Gibson shipwreck photograph archive sets sail at $242,500

paulfrasercollectibles

2015-06-26 13:29:04

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Gibson shipwreck photograph archive sets sail at $242,500

The Gibson family archive is one of the largest collections of shipwreck photos

Perhaps the largest and most important collection of shipwreck photographs, the Gibson family archive, is the star lot in Sotheby's Travel, Atlases, Maps and Natural history sale, which will be held on November 12 in London.

Gibson shipwreck photographsThe Gibson family struggled against the elements to document the shipwrecks, acting as local correspondents

The collection contains 1,000 negatives recording the wrecks of over 200 ships, which were taken by the Gibson family across almost 130 years. It is expected to see 100,000-150,000 ($161,591-242,387).

The collection was started by seaman John Gibson, who was born in 1827. It is not known how Gibson acquired a camera, as they were only affordable to most wealthy members of society, but by 1860, he had established a studio as a professional photographer in Penzance, Cornwall.

After Gibson returned to the Scilly Isles in 1865, he began photographing shipwrecks with his two sons in 1869, becoming the islands' news correspondent. With the waters between Cornwall and the Scilly Isles notoriously dangerous, there was no shortage of work for the family.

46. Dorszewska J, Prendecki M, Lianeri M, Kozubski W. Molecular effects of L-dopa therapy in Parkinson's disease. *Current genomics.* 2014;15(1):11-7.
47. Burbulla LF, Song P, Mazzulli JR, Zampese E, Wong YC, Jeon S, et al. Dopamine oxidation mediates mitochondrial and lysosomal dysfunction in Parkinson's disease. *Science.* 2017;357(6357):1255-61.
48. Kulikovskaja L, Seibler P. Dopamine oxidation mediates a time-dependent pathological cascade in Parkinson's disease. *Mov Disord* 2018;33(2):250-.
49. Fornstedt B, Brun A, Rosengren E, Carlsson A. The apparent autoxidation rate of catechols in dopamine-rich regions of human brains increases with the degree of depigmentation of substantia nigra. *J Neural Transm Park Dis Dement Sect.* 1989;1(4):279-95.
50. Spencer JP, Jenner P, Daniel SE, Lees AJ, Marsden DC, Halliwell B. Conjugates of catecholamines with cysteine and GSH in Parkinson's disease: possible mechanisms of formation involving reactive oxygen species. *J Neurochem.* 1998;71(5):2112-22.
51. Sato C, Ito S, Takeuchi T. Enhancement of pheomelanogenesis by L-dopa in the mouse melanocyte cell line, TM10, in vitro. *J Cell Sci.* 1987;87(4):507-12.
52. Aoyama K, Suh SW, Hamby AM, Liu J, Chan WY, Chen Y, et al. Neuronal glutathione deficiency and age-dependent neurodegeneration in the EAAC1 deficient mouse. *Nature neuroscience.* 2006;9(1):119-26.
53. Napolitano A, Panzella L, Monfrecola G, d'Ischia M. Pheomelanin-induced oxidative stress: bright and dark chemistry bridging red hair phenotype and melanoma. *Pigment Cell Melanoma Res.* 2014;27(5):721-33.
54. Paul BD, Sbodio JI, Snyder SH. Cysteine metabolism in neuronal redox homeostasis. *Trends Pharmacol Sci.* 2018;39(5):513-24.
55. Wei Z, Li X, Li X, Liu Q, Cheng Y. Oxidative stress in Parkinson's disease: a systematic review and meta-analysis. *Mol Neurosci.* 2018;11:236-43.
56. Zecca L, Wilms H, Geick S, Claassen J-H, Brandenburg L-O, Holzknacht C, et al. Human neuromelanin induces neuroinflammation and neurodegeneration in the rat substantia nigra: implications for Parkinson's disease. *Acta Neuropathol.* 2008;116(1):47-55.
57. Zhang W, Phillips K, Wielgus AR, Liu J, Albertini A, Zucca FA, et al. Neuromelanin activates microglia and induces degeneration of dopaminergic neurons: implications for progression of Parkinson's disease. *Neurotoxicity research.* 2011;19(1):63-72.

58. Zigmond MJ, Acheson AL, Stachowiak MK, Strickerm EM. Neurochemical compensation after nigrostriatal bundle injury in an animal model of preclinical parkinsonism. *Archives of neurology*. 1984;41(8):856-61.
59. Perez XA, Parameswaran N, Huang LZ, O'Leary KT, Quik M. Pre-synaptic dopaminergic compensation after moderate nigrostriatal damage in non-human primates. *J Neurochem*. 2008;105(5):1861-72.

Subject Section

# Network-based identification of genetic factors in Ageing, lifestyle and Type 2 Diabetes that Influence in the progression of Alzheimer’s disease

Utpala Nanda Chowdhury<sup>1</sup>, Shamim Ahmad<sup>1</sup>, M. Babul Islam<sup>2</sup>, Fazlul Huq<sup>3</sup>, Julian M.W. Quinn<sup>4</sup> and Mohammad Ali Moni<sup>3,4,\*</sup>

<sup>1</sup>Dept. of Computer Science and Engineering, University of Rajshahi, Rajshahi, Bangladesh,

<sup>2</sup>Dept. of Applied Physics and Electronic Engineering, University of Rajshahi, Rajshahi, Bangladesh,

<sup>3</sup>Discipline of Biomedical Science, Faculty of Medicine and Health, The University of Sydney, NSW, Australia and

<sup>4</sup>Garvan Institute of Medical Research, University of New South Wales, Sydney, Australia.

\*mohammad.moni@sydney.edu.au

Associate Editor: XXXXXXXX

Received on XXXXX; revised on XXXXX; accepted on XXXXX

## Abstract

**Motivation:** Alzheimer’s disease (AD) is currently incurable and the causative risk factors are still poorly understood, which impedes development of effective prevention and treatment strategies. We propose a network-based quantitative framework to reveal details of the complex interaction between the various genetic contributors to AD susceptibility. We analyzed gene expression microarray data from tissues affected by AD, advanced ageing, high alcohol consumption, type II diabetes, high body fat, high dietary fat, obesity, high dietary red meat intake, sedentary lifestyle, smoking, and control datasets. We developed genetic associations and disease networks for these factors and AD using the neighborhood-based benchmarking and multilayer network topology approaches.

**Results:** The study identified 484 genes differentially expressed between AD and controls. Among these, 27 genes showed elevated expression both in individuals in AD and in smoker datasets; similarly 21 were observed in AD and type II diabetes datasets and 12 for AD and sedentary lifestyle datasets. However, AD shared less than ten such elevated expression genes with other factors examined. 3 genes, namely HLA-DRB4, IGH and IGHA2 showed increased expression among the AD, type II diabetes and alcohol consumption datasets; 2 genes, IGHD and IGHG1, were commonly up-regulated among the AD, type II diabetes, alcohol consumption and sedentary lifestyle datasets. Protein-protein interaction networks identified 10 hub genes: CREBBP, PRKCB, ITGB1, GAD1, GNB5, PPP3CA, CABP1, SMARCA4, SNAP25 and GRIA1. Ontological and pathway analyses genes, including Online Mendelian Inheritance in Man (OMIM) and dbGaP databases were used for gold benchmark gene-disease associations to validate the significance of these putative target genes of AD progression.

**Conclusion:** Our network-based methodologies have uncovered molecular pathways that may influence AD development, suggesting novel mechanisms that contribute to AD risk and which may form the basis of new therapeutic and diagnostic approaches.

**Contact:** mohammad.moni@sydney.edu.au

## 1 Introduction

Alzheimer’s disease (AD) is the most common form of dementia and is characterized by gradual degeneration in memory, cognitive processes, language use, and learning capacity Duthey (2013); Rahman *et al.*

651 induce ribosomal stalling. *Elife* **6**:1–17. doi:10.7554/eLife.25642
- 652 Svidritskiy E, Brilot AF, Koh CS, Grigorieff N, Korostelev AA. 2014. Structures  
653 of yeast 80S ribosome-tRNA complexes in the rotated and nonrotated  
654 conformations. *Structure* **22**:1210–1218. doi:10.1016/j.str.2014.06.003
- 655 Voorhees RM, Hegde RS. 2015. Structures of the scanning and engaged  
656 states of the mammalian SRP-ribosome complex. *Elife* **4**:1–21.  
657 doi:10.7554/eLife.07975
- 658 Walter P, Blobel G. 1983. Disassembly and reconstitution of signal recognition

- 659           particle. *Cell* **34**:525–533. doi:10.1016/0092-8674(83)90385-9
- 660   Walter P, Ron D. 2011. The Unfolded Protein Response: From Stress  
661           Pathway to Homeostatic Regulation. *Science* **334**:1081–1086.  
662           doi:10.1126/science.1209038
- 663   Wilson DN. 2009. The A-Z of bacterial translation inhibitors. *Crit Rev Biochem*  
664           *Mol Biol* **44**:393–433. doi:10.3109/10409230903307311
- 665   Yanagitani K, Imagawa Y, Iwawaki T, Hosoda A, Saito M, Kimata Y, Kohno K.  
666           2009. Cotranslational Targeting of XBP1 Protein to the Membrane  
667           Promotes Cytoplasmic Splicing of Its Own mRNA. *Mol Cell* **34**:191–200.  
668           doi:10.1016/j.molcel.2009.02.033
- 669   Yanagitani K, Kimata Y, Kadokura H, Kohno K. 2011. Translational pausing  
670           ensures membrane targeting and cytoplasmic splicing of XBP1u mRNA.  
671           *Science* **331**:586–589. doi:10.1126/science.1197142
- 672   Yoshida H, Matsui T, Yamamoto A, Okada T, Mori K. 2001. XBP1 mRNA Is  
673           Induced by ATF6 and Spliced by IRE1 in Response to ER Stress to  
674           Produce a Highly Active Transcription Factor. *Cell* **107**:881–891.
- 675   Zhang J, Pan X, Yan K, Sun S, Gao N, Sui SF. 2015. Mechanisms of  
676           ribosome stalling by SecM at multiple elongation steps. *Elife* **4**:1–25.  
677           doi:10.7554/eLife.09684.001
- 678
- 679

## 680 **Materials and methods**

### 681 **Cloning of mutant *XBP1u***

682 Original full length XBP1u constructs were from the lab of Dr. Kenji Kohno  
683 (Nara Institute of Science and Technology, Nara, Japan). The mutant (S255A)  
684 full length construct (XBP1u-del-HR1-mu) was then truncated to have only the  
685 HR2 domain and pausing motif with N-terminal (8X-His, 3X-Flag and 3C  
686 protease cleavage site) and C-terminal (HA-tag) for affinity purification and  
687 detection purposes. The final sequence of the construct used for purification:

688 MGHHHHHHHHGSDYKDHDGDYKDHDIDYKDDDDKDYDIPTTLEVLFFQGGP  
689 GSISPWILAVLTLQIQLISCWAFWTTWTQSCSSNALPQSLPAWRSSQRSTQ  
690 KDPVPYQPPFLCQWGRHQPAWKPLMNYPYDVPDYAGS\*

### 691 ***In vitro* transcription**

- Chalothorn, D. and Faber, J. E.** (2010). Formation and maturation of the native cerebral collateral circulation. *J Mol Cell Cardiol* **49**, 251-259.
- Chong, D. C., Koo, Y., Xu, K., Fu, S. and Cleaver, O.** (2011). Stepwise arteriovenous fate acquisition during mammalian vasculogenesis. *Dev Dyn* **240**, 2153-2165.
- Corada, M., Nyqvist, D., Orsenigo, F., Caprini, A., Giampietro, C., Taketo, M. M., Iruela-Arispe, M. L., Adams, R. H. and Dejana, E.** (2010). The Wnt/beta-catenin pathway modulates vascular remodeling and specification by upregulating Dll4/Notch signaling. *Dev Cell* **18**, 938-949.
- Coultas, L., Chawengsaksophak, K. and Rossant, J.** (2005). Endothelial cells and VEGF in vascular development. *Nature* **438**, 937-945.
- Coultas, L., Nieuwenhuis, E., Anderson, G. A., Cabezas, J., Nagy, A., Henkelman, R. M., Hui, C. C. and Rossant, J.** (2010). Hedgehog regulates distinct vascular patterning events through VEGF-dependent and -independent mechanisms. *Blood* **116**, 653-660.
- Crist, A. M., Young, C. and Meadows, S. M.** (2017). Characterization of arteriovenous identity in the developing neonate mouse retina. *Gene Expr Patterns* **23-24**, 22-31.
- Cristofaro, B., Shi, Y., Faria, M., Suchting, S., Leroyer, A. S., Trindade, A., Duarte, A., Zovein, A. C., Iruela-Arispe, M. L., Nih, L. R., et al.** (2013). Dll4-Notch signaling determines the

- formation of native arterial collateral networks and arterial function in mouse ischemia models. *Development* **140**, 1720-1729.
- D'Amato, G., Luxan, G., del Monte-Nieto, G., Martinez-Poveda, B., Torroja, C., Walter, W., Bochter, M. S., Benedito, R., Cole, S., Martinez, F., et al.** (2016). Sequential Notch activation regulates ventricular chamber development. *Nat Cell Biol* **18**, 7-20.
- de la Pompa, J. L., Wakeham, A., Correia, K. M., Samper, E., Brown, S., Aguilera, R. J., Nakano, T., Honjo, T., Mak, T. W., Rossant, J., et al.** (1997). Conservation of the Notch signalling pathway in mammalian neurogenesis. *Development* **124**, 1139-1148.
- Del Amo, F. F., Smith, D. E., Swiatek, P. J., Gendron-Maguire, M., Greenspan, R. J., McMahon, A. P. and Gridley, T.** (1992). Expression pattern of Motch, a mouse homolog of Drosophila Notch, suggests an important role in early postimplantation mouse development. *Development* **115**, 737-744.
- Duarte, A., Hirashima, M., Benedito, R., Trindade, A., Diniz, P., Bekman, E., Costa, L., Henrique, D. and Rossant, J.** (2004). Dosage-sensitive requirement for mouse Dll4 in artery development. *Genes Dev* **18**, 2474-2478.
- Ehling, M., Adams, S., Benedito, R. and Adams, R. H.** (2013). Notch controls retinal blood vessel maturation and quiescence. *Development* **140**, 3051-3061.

Yet being at the forefront of photojournalism in the 1800s washazardous, with the Gibsons working in harsh conditions, travelling with hand carts over treacherous coastlines carrying their portable dark room and heavy equipment.

Gibson family shipwreck photographerThe Gibson family of Scilly

"This is the greatest archive of the drama and mechanics of shipwreck we will ever see - a thousand images stretching over 130 years, of such power, insight and nostalgia that even the most passive observer cannot fail to feel the excitement or pathos of the events they depict," commented Rex Cowan, a shipwreck hunter and author.

The Gibson archive has inspired similar awe among topauthors, with John Le Carre exclaiming upon his visit to the archive in 1997:

"We are standing in an Aladdin's cave where the Gibson treasure is stored, and Frank is its keeper. It is half shed, half amateur laboratory, a litter of cluttered shelves, ancient equipment, boxes, printer's blocks and books.

"Many hundreds of plates and thousands of photographs are still waiting an inventory. Most have never seen the light of day. Any agent, publisher or accountant would go into free fall at the very sight of them."

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